I think I’ve long since given up forcing myself to read or to watch rubbish merely for the dubious distinction of “keeping in touch”. When Billy Wilder was told in his old age that he was considered by many to be “out of touch”, he replied that he regarded that as a compliment. And everything I hear about “50 Shades” – as well as the passages I have sampled in a bookshop, and which I think are more than enough to allow me to form an opinion – makes me share your dismay that something that is both badly written and, frankly, so demeaning, could become so popular. And no, in answer to your question, there is nothing at all glamorous or sexy about what you rightly term “psychological harassment”.


  6. leroyhunter
    November 22, 2012 at 2:25 pm

    My attitude tends to be that people who only know “culture” in terms of “hits” – be that TV shows, books like 50 Grades of Shale, or homogenised Hollywood stuff – are the ones that are out of touch. Easy!


    • November 23, 2012 at 12:54 am

      A bit expeditive to me. These hits also anchor you in time. When you hear a popular song, you might think “I remember that song, it was a hit when I was 20” or “it was a hit when such political event happened”
      Living in a bubble makes you lose these landmarks, and time vanishes and I have the feeling I don’t have these collective landmarks anymore.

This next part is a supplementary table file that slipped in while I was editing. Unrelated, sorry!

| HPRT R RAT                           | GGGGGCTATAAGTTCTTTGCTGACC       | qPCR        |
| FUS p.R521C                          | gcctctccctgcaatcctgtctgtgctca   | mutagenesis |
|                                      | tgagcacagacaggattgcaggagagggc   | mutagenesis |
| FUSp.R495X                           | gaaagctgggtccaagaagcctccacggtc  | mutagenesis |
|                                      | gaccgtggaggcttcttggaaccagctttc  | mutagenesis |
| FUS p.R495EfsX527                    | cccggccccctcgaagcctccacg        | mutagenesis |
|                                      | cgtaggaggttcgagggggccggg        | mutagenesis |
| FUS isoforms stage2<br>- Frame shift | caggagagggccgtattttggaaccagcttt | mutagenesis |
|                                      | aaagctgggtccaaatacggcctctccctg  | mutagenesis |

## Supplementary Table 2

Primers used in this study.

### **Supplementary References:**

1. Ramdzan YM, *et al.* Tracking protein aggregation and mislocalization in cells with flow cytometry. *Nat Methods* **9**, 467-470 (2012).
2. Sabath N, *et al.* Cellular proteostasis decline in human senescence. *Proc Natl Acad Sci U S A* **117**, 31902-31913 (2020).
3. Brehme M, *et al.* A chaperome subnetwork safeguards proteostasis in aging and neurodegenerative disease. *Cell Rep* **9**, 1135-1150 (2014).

• leroyhunter
        November 23, 2012 at 2:34 pm

        Yeah, I was being too glib. Of course those landmarks are there. I meant just that there’s more to life then just the big landmarks. Plus I think they become genuinely less important (for me anyway) as you get older.


        • November 23, 2012 at 9:51 pm

          I think these landmarks aren’t important in the present time.

          They’re precious for the future or I’d say for memories. I have no landmarks from 2001 to 2007 and it’s unsettling sometimes. Someone talks about a film and you’ve never heard of it and you check on its release date and you find out it was on the screens during that span of life without landmarks.
          Of course, I have other memories from that period but no one shares them with me except my family.


  7. November 22, 2012 at 7:29 pm

    You ask what ‘culture générale’ would be translated as in English. I suspect it would be ‘popular culture’, the sort of non-highbrow, non-literary or supposedly unsophisticated culture that, if used historically, would be called folklore.